Availability of data and materials

The datasets used and/or analysed during the current study are available from the corresponding author on reasonable request.

Abbreviations

ANOVA:

One-way analysis of variance

BMI:

Body mass index

AUC:

Area under curve

DESs:

Drug-eluting stents

HDL:

High-density lipoprotein cholesterol

MPV:

Mean platelet volume

PCI:

Percutaneous coronary intervention

ISR:

In-stent restenosis

LDL-C:

Low-density lipoprotein cholesterol

ROC:

Receiver operator characteristic

PDW:

Platelet distribution width

POD:

Probability of disease

PCT:

Plateletcrit

SBP:

Systolic blood pressure

IVUS:

Intravascular ultrasound

MI:

Myocardial infarction

TC:

Total cholesterol

SD:

Standard deviation

RCA:

Right coronary artery

TG:

Triglyceride

SNK:

Student-Newman-Keuls

MI:

Myocardial infarction

RCA:

Right coronary artery

OCT:

optical coherence tomography

References

  1. 1.

    Lekshmi KM, Che HL, Cho CS, Park IK. Drug- and Gene-eluting Stents for Preventing Coronary Restenosis. Chonnam Med J. 2017;53:14–27. https://doi.org/10.4068/cmj.2017.53.1.14.

    CAS  Article  PubMed  PubMed Central  Google Scholar 

  2. 2.

    Timmis A, Townsend N, Gale CP, Torbica A, Lettino M, Petersen SE, et al. European Society of Cardiology: Cardiovascular Disease Statistics 2019. Eur Heart J. 2020:41, 12–85. https://doi.org/10.1093/eurheartj/ehz859.

  3. 3.

    Levine GN, Bates ER, Blankenship JC, Bailey SR, Bittl JA, Cercek B, et al. 2015 ACC/AHA/SCAI focused update on primary percutaneous coronary intervention for patients with ST-elevation myocardial infarction: an update of the 2011 ACCF/AHA/SCAI guideline for percutaneous coronary intervention and the 2013 ACCF/AHA guideline for the management of ST-elevation myocardial infarction. J Am Coll Cardiol. 2016;67:1235–50. https://doi.org/10.1016/j.jacc.2015.10.005.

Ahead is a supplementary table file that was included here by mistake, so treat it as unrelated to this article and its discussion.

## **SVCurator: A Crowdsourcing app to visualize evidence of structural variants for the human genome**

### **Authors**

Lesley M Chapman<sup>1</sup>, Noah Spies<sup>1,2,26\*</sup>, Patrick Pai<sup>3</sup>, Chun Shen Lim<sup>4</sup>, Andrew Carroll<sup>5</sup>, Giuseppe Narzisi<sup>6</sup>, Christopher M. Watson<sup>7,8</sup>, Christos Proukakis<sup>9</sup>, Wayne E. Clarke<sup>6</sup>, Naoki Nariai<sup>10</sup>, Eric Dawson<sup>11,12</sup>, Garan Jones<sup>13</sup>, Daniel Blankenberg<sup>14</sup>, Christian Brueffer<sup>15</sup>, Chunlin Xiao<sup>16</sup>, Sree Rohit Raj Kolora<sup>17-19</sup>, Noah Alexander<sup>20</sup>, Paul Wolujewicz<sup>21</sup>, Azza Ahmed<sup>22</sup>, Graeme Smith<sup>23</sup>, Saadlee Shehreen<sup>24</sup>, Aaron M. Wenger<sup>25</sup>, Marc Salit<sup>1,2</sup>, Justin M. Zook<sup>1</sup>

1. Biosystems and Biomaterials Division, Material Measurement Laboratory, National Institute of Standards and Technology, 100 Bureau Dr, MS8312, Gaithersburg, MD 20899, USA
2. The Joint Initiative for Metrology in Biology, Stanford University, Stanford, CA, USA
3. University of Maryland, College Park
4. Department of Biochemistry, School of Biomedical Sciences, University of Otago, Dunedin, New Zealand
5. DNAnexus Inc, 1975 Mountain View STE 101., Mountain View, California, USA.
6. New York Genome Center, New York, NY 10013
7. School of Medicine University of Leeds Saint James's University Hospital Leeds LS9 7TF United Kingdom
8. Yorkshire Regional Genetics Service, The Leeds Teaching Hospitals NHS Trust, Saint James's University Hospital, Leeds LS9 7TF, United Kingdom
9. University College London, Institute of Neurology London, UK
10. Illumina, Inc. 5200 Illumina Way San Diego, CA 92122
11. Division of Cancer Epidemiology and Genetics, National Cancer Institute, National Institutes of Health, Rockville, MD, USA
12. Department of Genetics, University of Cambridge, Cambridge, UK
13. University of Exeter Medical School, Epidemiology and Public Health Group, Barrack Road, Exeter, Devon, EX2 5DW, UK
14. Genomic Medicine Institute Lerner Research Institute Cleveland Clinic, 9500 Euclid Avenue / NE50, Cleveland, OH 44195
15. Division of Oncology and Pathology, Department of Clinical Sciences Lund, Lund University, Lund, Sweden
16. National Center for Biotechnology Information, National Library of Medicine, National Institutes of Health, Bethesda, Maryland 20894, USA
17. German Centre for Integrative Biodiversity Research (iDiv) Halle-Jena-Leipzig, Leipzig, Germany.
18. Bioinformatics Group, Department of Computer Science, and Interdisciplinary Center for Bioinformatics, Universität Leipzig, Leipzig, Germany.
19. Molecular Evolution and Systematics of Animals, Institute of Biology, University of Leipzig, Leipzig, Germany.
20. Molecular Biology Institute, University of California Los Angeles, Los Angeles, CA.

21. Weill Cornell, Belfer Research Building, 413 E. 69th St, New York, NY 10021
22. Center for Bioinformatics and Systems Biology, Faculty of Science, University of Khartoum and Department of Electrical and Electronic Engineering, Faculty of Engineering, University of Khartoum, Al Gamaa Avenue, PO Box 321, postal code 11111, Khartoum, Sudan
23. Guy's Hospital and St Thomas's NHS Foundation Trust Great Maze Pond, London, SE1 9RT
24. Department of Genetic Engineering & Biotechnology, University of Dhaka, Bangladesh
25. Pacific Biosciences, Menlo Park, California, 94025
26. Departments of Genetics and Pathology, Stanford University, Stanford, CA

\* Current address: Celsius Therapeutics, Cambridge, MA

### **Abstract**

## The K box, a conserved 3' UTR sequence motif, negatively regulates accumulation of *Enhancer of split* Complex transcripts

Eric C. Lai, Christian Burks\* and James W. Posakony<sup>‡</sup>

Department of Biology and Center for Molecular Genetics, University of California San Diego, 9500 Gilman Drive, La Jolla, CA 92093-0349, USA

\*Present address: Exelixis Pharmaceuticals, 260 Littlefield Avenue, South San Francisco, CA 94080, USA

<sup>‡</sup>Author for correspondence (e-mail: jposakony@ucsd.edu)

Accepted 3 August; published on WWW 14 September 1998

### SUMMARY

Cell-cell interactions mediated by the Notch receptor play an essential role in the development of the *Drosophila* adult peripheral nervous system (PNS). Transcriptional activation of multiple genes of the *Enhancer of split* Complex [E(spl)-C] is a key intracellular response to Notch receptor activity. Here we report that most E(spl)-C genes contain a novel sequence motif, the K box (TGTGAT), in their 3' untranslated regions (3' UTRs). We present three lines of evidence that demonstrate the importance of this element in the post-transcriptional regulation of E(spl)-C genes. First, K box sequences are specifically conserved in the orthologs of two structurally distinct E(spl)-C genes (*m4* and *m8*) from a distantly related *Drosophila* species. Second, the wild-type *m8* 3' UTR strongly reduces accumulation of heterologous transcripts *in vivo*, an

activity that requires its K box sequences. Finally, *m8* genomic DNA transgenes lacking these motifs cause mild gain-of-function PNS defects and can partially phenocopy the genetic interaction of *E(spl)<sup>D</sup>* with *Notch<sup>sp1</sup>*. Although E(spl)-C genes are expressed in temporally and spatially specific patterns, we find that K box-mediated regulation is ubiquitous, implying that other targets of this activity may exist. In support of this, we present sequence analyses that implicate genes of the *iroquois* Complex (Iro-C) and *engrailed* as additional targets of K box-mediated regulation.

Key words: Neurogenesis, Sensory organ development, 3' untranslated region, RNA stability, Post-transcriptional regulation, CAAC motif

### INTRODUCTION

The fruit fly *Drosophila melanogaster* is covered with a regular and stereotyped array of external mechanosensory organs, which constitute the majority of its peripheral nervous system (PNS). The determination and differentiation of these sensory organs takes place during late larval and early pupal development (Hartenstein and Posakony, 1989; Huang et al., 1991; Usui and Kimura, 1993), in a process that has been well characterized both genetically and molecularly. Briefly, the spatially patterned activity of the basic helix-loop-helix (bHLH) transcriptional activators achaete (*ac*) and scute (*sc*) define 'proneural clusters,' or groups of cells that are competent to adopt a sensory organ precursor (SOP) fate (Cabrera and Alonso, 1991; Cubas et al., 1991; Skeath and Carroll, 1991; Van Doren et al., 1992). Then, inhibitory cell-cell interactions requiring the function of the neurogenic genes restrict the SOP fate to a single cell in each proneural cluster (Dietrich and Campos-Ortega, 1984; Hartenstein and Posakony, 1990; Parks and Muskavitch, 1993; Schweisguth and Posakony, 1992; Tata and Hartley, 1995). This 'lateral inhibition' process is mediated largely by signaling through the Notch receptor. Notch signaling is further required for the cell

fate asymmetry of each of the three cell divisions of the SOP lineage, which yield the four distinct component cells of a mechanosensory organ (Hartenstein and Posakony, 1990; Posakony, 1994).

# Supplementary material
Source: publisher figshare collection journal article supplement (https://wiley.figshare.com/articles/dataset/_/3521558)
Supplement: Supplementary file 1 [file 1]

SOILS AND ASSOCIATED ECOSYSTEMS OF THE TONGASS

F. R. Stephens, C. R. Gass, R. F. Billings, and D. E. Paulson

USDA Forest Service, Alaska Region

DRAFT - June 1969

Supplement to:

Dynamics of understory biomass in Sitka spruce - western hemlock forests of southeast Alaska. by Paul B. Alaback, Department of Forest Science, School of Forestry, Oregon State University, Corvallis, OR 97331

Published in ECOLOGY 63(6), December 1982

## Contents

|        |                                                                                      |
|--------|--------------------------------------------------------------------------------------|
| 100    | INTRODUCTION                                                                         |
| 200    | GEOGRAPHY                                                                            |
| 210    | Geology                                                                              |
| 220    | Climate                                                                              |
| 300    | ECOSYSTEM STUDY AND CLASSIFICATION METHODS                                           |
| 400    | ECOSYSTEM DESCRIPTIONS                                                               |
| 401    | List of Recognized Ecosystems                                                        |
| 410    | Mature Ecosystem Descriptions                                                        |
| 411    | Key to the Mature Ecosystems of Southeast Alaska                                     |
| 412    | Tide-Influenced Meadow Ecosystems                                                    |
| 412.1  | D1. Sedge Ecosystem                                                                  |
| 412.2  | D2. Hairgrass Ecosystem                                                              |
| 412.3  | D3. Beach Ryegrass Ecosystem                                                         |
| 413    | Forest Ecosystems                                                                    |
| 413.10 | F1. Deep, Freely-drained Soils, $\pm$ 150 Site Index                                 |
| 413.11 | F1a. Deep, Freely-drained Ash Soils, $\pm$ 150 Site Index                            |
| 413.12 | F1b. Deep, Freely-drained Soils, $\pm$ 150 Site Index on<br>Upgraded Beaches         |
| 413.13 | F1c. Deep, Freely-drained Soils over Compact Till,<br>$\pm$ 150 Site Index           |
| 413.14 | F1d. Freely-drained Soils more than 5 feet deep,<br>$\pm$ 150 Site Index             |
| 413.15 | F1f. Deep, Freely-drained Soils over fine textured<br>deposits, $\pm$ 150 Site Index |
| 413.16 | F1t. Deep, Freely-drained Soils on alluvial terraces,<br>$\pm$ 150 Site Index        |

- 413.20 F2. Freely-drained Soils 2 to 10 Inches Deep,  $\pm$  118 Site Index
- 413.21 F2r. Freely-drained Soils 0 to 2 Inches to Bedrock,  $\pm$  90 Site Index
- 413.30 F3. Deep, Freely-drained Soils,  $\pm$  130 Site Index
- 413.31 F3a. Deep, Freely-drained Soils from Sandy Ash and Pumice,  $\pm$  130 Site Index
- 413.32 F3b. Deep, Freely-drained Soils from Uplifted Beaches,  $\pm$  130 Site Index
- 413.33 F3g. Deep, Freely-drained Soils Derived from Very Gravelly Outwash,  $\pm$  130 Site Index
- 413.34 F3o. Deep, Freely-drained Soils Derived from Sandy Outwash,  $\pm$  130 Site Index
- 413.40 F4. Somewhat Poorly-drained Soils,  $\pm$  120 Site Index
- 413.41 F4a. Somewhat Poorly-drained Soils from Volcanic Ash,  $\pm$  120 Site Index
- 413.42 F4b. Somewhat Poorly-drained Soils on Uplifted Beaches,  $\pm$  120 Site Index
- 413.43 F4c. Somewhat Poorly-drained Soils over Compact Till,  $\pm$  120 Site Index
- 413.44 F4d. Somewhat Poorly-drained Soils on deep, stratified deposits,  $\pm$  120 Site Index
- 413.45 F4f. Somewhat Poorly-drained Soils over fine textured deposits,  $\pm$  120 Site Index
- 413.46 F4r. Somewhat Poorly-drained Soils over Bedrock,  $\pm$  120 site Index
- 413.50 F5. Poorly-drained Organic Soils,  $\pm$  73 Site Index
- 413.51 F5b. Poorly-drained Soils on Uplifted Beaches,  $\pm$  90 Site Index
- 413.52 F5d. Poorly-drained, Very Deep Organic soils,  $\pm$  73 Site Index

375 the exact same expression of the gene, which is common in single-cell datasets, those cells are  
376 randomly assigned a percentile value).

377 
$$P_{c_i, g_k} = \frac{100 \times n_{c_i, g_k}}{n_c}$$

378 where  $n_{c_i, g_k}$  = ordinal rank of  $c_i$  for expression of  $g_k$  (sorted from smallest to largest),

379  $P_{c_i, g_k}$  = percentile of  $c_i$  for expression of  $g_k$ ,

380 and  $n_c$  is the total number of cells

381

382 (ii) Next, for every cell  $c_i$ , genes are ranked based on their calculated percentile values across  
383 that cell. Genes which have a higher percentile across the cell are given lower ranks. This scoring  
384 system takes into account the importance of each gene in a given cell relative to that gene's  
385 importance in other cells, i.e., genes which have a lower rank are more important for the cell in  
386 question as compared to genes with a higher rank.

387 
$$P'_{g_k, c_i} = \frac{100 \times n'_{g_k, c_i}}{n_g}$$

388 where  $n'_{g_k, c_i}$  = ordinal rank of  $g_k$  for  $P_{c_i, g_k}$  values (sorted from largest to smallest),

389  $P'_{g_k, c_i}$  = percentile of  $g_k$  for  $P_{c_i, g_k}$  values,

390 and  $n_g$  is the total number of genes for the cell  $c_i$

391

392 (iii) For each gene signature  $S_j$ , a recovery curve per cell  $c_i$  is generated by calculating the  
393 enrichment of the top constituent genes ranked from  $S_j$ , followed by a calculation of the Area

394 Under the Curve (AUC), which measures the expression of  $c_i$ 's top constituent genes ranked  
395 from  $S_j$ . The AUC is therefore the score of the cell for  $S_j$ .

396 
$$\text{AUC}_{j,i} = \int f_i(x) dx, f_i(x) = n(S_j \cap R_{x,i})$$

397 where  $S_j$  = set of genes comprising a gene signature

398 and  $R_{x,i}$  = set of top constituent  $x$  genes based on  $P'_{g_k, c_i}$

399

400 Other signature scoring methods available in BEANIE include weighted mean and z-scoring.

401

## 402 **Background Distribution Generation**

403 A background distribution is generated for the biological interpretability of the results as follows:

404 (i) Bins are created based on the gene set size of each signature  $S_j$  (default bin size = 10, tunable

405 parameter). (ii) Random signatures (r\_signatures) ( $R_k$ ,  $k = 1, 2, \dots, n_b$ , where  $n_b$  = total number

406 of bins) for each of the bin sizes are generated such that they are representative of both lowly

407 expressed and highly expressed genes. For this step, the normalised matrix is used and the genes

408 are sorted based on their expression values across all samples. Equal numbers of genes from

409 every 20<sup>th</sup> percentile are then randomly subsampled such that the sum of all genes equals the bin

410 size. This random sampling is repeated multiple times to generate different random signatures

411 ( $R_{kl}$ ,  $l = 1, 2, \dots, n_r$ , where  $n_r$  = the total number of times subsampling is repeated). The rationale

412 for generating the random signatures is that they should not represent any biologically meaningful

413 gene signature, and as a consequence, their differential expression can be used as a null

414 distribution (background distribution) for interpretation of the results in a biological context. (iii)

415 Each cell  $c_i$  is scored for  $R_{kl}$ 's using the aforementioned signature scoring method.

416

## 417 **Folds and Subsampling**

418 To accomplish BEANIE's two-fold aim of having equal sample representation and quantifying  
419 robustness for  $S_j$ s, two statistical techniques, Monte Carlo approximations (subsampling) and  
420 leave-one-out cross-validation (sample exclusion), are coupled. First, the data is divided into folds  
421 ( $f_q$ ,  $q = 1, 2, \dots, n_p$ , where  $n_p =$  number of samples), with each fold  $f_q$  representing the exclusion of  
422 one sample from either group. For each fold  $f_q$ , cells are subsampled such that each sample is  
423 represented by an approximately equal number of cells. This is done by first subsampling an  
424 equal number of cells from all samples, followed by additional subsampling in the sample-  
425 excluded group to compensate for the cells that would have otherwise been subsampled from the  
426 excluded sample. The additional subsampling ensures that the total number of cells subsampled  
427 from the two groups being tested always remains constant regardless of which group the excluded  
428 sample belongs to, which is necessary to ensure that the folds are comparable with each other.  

Article  PubMed  Google Scholar 

  4. 4.

    Byrne RA, Joner M, Kastrati A. Stent thrombosis and restenosis: what have we learned and where are we going? The Andreas Gruntzig Lecture ESC 2014. Eur Heart J. 2015;36:3320–31. https://doi.org/10.1093/eurheartj/ehv511.

    Article  PubMed  PubMed Central  Google Scholar 

  5. 5.

    Stefanini GG, Holmes DR Jr. Drug-eluting coronary-artery stents. N Engl J Med. 2013;368:254–65. https://doi.org/10.1056/NEJMra1210816.

    CAS  Article  PubMed  Google Scholar 

  6. 6.

    Windecker S, Serruys PW, Wandel S, Buszman P, Trznadel S, Linke A, et al. Biolimus-eluting stent with biodegradable polymer versus sirolimus-eluting stent with durable polymer for coronary revascularisation (LEADERS): a randomised non-inferiority trial. Lancet. 2008;372:1163–73. https://doi.org/10.1016/s0140-6736(08)61244-1.

    CAS  Article  PubMed  Google Scholar 

  7. 7.

    Zhao SG, Xu JJ, Tao ZH, Jin L, Liu Q, Zheng WY, et al. CHA(2)DS(2)-Vasc score and CHA(2)DS(2)-Vasc-HS score are poor predictors of in-stent restenosis among patients with coronary drug-eluting stents. J Int Med Res. 2019;47:2533–44. https://doi.org/10.1177/0300060519841836.

    Article  PubMed  PubMed Central  Google Scholar 

  8. 8.

    Wang Z, Liu C, Fang H. Blood cell parameters and predicting coronary in-stent restenosis. Angiology. 2019;70(8):711–8. https://doi.org/10.1177/0003319719830495.

    CAS  Article  PubMed  Google Scholar 

  9. 9.

    Costa MA, Simon DI. Molecular basis of restenosis and drug-eluting stents. Circulation. 2005;111:2257–73. https://doi.org/10.1161/01.cir.0000163587.36485.a7.

    Article  PubMed  Google Scholar 

  10. 10.

    Farb A, Sangiorgi G, Carter AJ, Walley VM, Edwards WD, Schwartz RS, et al. Pathology of acute and chronic coronary stenting in humans. Circulation. 1999;99:44–52. https://doi.org/10.1161/01.cir.99.1.44.

    CAS  Article  PubMed  Google Scholar 

  11. 11.

    Mori H, Lutter C, Yahagi K, Harari E, Kutys R, Fowler DR, et al. Pathology of Chronic Total Occlusion in Bare-Metal Versus Drug-Eluting Stents: Implications for Revascularization. JACC Cardiovasc Interv. 2017;10:367–78. https://doi.org/10.1016/j.jcin.2016.11.005.

    Article  PubMed  Google Scholar 

  12. 12.

    Cassese S, Byrne RA, Tada T, Pinieck S, Joner M, Ibrahim T, et al. Incidence and predictors of restenosis after coronary stenting in 10 004 patients with surveillance angiography. Heart. 2014;100:153–9. https://doi.org/10.1136/heartjnl-2013-304933.

    Article  PubMed  Google Scholar 

  13. 13.

    Tang L, Cui QW, Liu DP, Fu YY. The number of stents was an independent risk of stent restenosis in patients undergoing percutaneous coronary intervention. Medicine (Baltimore). 2019;98:e18312. https://doi.org/10.1097/md.0000000000018312.

    Article  Google Scholar